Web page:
Pharmacogn Rev. 2012 Jan-Jun; 6(11): 1–5.
Healing with medicinal plants is as old as mankind itself. The connection between man and his search for drugs in nature dates from the far past, of which there is ample evidence from various sources: written documents, preserved monuments, and even original plant medicines. Awareness of medicinal plants usage is a result of the many years of struggles against illnesses due to which man learned to pursue drugs in barks, seeds, fruit bodies, and other parts of the plants. Contemporary science has acknowledged their active action, and it has included in modern pharmacotherapy a range of drugs of plant origin, known by ancient civilizations and used throughout the millennia. The knowledge of the development of ideas related to the usage of medicinal plants as well as the evolution of awareness has increased the ability of pharmacists and physicians to respond to the challenges that have emerged with the spreading of professional services in facilitation of man's life.
Keywords: History, medicinal plants, plant drugs, usage
Ever since ancient times, in search for rescue for their disease, the people looked for drugs in nature. The beginnings of the medicinal plants’ use were instinctive, as is the case with animals. In view of the fact that at the time there was not sufficient information either concerning the reasons for the illnesses or concerning which plant and how it could be utilized as a cure, everything was based on experience. In time, the reasons for the usage of specific medicinal plants for treatment of certain diseases were being discovered; thus, the medicinal plants’ usage gradually abandoned the empiric framework and became founded on explicatory facts. Until the advent of iatrochemistry in 16th century, plants had been the source of treatment and prophylaxis. Nonetheless, the decreasing efficacy of synthetic drugs and the increasing contraindications of their usage make the usage of natural drugs topical again.
HISTORICAL SOURCES RELEVANT FOR STUDY OF MEDICINAL PLANTS’ USE
The oldest written evidence of medicinal plants’ usage for preparation of drugs has been found on a Sumerian clay slab from Nagpur, approximately 5000 years old. It comprised 12 recipes for drug preparation referring to over 250 various plants, some of them alkaloid such as poppy, henbane, and mandrake.
The Chinese book on roots and grasses “Pen T’Sao,” written by Emperor Shen Nung circa 2500 BC, treats 365 drugs (dried parts of medicinal plants), many of which are used even nowadays such as the following: Rhei rhisoma, camphor, Theae folium, Podophyllum, the great yellow gentian, ginseng, jimson weed, cinnamon bark, and ephedra.[3,4]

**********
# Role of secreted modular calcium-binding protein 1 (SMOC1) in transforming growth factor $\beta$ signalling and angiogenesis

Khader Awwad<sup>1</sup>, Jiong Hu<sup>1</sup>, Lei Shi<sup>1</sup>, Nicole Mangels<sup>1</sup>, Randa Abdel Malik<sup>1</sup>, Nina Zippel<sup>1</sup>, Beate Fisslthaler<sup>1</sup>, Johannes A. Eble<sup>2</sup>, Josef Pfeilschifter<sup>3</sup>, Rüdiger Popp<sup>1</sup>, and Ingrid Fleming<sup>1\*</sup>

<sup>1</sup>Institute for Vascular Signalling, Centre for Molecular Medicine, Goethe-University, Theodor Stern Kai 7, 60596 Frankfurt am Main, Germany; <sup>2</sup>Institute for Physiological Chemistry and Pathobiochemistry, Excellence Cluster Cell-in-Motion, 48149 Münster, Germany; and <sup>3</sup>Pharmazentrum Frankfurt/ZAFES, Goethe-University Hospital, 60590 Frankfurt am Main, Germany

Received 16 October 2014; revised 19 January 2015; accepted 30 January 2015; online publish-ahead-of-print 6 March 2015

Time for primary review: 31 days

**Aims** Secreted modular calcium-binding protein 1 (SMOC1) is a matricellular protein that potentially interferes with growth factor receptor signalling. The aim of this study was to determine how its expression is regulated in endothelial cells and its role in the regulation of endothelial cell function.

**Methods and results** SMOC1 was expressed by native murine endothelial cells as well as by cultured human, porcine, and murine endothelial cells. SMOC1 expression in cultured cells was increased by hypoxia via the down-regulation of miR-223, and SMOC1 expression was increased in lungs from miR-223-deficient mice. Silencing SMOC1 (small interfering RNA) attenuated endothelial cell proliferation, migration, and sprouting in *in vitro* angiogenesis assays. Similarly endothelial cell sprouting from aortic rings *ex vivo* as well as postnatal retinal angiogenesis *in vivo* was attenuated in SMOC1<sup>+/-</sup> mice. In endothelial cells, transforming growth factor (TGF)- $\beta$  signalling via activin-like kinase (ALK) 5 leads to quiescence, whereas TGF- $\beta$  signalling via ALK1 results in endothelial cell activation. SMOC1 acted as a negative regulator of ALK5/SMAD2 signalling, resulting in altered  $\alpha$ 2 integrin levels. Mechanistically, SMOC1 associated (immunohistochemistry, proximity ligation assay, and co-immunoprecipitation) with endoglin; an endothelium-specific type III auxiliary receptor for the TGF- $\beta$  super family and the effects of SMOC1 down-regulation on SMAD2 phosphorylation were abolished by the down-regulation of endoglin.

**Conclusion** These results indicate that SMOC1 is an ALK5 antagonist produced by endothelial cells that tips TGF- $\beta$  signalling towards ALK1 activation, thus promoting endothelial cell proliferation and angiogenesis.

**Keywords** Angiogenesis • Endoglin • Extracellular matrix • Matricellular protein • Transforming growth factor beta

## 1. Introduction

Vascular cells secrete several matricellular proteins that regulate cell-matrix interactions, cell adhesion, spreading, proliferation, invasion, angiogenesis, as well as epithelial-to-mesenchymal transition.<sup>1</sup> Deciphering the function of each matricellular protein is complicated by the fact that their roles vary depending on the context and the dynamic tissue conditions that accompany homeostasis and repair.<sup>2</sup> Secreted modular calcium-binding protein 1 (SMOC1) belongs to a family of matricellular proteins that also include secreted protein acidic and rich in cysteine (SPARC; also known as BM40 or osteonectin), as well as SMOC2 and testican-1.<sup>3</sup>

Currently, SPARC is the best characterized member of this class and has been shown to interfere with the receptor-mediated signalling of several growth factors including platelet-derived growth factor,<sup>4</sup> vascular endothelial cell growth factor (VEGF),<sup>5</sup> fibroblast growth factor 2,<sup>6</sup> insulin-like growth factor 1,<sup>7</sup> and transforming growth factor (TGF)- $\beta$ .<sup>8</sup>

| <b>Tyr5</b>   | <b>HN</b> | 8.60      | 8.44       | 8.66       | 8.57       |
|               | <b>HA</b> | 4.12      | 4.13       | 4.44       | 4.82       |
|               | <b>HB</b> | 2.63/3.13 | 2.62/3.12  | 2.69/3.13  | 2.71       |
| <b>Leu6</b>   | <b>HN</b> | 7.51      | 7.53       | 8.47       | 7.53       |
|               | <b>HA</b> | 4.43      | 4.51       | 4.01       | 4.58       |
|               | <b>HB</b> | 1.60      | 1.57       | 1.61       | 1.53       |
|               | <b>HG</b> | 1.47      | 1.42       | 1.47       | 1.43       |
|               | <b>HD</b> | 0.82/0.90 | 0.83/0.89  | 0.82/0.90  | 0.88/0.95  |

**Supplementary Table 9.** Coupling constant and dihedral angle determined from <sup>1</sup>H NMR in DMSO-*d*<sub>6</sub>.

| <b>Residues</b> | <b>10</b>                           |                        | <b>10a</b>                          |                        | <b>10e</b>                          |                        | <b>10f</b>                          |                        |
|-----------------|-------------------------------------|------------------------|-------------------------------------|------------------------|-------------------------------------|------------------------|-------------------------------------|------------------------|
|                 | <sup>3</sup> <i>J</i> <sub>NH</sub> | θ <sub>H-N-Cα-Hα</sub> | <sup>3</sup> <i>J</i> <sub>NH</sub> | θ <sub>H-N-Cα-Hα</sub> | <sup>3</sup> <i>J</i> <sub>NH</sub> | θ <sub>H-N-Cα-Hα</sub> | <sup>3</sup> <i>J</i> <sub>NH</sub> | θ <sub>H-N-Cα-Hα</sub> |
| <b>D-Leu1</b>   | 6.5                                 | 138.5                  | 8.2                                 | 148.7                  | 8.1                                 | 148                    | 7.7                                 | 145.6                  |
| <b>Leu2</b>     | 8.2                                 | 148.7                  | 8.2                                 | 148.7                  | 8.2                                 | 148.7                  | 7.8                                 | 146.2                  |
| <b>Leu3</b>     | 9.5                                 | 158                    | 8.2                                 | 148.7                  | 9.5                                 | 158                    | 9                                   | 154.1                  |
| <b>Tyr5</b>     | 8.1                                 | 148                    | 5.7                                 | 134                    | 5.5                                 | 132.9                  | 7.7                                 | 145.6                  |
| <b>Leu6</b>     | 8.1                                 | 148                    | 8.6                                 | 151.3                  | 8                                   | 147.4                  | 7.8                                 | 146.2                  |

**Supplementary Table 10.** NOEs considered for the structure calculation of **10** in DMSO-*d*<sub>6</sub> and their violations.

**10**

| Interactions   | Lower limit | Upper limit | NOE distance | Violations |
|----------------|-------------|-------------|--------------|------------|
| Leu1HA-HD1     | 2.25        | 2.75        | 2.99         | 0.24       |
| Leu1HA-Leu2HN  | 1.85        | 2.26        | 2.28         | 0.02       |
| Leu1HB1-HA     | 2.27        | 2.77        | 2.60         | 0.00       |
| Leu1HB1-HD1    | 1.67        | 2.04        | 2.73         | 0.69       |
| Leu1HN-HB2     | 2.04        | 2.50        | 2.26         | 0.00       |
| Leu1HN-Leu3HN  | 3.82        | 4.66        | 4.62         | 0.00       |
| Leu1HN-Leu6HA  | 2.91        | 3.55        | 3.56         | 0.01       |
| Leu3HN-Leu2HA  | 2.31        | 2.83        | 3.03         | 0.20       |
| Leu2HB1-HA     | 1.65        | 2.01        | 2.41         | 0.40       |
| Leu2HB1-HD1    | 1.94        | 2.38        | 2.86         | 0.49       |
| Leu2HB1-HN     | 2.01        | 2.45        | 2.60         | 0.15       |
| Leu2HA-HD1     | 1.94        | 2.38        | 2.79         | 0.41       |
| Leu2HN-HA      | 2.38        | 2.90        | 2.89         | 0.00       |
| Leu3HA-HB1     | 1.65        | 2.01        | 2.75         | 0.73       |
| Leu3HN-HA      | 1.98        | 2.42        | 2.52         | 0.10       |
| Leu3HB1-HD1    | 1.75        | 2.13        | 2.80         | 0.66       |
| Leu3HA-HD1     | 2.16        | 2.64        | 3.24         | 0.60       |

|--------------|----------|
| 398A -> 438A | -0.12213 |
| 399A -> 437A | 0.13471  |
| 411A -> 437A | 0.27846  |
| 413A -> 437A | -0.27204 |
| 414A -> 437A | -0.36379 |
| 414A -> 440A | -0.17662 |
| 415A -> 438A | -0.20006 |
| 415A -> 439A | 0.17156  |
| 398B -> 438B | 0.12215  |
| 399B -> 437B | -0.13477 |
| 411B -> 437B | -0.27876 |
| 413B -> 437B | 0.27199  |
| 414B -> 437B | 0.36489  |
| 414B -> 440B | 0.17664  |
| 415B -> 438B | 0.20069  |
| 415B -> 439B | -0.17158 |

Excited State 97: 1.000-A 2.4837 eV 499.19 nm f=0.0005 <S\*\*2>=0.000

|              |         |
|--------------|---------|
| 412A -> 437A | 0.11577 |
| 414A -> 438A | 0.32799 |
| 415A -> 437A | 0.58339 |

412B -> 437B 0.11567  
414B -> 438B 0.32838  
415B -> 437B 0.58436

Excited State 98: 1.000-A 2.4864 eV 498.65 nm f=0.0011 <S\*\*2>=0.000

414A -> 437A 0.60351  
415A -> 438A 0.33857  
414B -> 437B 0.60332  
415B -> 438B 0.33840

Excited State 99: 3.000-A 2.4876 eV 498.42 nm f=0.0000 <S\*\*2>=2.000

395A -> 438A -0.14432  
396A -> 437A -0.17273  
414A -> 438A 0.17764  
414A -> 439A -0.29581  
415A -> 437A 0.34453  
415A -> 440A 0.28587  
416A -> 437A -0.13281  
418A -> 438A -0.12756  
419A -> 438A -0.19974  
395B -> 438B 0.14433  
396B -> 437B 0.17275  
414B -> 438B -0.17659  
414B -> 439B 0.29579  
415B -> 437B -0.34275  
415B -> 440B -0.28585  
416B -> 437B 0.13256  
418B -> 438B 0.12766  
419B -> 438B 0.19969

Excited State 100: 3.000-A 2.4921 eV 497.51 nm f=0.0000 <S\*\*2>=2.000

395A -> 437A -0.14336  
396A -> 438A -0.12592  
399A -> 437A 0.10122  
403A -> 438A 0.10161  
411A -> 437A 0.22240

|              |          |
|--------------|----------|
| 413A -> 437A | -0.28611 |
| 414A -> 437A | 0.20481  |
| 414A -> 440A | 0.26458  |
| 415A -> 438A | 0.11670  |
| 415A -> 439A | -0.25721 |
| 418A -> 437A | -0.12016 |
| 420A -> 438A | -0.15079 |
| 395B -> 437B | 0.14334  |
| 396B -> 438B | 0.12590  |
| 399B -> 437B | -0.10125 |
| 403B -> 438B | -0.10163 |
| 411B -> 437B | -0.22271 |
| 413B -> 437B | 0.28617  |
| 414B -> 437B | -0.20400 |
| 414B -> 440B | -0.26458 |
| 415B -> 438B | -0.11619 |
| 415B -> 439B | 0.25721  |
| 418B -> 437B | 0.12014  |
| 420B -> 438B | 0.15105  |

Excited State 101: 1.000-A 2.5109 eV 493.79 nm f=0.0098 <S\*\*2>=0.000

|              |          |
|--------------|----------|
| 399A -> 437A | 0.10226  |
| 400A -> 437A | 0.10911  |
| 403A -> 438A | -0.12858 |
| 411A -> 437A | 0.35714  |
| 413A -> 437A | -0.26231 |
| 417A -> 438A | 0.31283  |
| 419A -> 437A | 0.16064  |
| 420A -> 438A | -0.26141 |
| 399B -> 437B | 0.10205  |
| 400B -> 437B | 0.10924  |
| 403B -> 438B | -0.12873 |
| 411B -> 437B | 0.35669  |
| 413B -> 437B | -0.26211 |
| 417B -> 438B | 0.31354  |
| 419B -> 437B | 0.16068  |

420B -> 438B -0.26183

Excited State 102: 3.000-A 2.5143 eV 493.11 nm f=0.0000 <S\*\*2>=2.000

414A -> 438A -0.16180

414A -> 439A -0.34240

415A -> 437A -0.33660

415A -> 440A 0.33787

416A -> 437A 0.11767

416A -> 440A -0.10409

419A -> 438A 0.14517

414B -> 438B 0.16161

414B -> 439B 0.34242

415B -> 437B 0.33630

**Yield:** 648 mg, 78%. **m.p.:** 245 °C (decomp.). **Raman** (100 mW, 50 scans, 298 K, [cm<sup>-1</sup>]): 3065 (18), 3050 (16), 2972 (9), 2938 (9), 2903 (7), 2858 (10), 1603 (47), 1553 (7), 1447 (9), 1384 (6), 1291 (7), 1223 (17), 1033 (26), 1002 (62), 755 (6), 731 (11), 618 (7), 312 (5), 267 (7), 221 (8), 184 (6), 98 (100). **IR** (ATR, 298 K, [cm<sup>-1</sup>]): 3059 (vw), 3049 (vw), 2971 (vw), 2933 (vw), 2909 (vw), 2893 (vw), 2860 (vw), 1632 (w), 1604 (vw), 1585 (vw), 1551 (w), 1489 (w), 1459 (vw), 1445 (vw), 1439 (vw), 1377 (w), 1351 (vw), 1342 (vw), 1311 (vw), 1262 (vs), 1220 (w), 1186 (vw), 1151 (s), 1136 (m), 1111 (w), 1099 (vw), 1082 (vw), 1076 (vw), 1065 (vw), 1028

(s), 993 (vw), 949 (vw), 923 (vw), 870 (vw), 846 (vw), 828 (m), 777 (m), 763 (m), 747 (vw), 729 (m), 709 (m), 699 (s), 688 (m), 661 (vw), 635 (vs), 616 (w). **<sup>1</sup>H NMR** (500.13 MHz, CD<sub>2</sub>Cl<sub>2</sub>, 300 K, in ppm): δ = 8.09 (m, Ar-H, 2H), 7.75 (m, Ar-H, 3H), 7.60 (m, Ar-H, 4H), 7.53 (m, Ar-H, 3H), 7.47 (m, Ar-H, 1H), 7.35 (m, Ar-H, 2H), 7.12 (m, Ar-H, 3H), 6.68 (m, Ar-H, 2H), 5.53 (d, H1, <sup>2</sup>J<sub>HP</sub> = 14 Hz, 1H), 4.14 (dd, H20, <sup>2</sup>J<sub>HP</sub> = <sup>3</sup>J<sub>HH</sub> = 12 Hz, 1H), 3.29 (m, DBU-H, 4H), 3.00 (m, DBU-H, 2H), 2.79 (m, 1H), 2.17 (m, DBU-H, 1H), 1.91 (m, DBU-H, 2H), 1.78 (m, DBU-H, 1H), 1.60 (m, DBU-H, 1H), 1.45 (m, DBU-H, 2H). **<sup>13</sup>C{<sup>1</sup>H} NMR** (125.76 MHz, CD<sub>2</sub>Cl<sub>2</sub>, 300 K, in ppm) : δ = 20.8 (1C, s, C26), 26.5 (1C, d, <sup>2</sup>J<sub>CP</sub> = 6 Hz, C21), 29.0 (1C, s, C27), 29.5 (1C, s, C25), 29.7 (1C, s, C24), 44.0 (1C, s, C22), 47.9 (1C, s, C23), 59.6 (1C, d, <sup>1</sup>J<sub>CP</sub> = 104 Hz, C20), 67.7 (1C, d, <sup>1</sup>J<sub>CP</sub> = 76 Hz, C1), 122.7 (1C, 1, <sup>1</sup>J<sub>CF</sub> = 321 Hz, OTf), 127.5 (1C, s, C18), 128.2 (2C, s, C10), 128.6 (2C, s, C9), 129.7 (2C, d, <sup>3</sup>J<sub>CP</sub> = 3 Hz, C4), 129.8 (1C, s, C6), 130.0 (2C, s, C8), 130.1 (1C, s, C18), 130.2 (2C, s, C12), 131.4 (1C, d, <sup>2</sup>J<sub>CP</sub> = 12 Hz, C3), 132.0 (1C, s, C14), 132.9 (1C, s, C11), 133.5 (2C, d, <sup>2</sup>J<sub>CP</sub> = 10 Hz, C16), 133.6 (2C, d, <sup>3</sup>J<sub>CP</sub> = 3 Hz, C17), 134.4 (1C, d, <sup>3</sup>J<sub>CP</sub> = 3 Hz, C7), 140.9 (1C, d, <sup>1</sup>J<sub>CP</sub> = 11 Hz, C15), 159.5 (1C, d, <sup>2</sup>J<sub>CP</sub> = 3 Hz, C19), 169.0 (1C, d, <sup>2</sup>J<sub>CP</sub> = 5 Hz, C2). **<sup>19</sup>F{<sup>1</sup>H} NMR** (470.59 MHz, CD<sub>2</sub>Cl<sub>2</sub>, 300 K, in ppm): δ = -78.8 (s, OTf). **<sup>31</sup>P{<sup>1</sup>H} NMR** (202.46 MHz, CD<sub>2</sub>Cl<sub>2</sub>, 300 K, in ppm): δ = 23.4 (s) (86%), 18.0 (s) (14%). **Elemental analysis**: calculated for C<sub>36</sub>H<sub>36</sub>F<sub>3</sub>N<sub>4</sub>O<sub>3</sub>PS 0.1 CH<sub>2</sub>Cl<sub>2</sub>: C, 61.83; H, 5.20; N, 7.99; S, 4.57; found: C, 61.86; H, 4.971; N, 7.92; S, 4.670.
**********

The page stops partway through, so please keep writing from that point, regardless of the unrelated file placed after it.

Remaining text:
The Indian holy books Vedas mention treatment with plants, which are abundant in that country. Numerous spice plants used even today originate from India: nutmeg, pepper, clove, etc.
The Ebers Papyrus, written circa 1550 BC, represents a collection of 800 proscriptions referring to 700 plant species and drugs used for therapy such as pomegranate, castor oil plant, aloe, senna, garlic, onion, fig, willow, coriander, juniper, common centaury, etc.[6,7]
According to data from the Bible and the holy Jewish book the Talmud, during various rituals accompanying a treatment, aromatic plants were utilized such as myrtle and incense.
In Homer's epics The Iliad and The Odysseys, created circa 800 BC, 63 plant species from the Minoan, Mycenaean, and Egyptian Assyrian pharmacotherapy were referred to. Some of them were given the names after mythological characters from these epics; for instance, Elecampane (Inula helenium L. Asteraceae) was named in honor of Elena, who was the centre of the Trojan War. As regards the plants from the genus Artemisia, which were believed to restore strength and protect health, their name was derived from the Greek word artemis, meaning “healthy.” Herodotus (500 BC) referred to castor oil plant, Orpheus to the fragrant hellebore and garlic, and Pythagoras to the sea onion (Scilla maritima), mustard, and cabbage. The works of Hippocrates (459–370 BC) contain 300 medicinal plants classified by physiological action: Wormwood and common centaury (Centaurium umbellatum Gilib) were applied against fever; garlic against intestine parasites; opium, henbane, deadly nightshade, and mandrake were used as narcotics; fragrant hellebore and haselwort as emetics; sea onion, celery, parsley, asparagus, and garlic as diuretics; oak and pomegranate as adstringents.[10,11]